Second, lawns immediately adjacent to the lake have a most significant runoff concern because there is nothing to slow, absorb, or prevent runoff from occurring other than the limits of the turfgrass itself.
For these reasons, a barrier of some sort separating the lawn from the lake is a good practice. Barriers may consist of a natural barrier, for example. These options include things such as a strip of natural forest land, installed organic barriers such as a garden or flowerbed, or a drainage solution like a dry riverbed to encourage water to flow to a place where it can be absorbed, such as a rain garden. The wider the barrier, the more effective it will be in protecting the lake from the effects of runoff. The more native species or low-water plants utilized, the more viable the organic border will be.
Apply Chemicals with Care
As runoff is the primary cause for concern regarding lawns and lake water quality, it is essential to know and understand a specific concern. Chemicals commonly applied to lawns are carried in runoff and can be particularly harmful to our lakes.
The best way to assure you are not introducing chemicals to the lake water is not to use them. With 30 years of landscape industry experience landscape, we know this isn’t going to happen universally. Instead, let’s focus on some things to be mindful of while applying chemicals.
A little goes a long way. When applying any sort of chemical to your lawn or gardens, it’s always possible to add more if you need to, but you cannot remove the substances if you over-apply. Carefully follow the instructions supplied by the manufacturer and consider applying less. Chemicals that are over-applied may not be fully absorbed or adhere well, making them susceptible to runoff. Similar to the expressed method to prevent over-watering, consider applying chemicals in lesser volume more frequently to control their use and effectiveness better while reducing waste and pollution.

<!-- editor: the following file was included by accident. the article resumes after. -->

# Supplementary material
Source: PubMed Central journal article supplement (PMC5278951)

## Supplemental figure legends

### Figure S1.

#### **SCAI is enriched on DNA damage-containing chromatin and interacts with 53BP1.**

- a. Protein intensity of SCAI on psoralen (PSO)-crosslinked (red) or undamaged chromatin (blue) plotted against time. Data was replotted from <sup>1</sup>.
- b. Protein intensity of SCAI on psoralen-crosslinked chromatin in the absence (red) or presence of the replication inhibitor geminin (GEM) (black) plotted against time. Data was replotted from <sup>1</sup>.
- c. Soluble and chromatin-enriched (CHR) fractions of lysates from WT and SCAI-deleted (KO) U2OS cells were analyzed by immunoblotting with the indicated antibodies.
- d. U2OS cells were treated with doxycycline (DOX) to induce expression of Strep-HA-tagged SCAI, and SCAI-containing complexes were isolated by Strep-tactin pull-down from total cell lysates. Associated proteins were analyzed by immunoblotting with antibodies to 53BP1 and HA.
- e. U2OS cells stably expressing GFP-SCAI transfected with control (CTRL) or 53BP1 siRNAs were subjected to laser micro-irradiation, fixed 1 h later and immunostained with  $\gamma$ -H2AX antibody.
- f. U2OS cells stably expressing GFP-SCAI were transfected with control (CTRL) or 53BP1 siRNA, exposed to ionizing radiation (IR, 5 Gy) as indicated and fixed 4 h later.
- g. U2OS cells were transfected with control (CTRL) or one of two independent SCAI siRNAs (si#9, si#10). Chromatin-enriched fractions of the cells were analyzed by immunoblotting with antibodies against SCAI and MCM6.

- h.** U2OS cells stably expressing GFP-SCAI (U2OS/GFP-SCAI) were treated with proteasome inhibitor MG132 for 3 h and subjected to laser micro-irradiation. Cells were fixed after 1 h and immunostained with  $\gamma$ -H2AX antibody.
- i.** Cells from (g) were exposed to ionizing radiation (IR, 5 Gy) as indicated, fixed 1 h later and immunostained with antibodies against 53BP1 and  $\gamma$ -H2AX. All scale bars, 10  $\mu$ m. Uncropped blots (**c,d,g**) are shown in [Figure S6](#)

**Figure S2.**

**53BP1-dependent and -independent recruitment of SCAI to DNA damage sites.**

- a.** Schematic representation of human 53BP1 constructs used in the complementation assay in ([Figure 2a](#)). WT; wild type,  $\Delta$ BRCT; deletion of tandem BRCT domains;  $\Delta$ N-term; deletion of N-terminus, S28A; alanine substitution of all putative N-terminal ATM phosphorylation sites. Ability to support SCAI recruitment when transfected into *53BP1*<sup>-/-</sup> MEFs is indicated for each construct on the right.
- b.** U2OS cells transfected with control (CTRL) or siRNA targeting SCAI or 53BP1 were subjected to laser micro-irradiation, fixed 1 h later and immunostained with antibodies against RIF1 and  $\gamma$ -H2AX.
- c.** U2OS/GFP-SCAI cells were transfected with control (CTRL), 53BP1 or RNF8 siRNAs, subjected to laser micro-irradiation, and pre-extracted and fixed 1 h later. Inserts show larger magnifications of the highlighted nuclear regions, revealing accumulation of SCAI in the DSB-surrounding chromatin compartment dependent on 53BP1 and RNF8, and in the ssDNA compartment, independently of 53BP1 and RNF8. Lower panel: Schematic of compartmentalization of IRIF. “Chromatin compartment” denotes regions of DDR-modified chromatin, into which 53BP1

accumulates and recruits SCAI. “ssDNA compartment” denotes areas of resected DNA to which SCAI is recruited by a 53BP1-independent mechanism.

Be mindful of the weather. Do not apply chemicals on a windy day, or if rain is in the immediate forecast. This can cause the chemicals to be blown or washed away (often ending up in the lake), and they will not have remained in place long enough to be effective.
Follow the New Hampshire Department of Agriculture regulations, as mentioned previously. If you’re unfamiliar with these regulations, including volume and setback requirements, you must become familiar before applying chemicals yourself. These regulations are intended for the safety of you, your neighbors, and our lakes.
Do not do allow a contractor who is not licensed to apply chemicals to your property. Similarly, to a do-it-yourselfer, a contractor should know the Department of Agriculture regulations. The best way to know if they do is to ask if they are licensed. A contractor who is applying chemicals without a license is breaking the law and is more likely to do environmental damage purposefully or not.
Trust the Pros, But Ask Questions
As landscape professionals, we have a bias toward encouraging lakefront and watershed property owners to hire a professional landscaper, and we believe there’s a good reason.
Owning property in an area adjacent to a waterway comes with a level of responsibility to be a good steward of your land and how it may affect water quality. Landscaping, in particular, can look deceptively straight-forward, and as a result, most property owners consider doing some of these tasks themselves. Unfortunately, many property owners lack knowledge of regulations and landscaping practices for water protection resulting in damage to the lake. Worse, there are landscaping contractors who are also unskilled and lack the experience and knowledge to protect lake water from landscaping activities adequately.
Property owners who want to protect the lake, regardless of if they have or want a lawn, would be well advised to seek a professional to install or service their properties. Furthermore, vetting a landscaper by asking questions about licenses, certifications, experience, and associations is a good practice. Both the New Hampshire Landscape Association and the National Association of Landscape Professionals offer professional memberships and certification requirements, and are a good place to start. A quality landscaper can demonstrate a track record of responsible behavior, in addition to satisfactorily answering any questions you have about their qualifications.
Being able to enjoy your outdoor spaces, including lawns or other features, is your right as a property owner. Protecting our lakes is the responsibility of property owners, service providers, and our community at large. Thoughtful execution and behaviors can help assure both.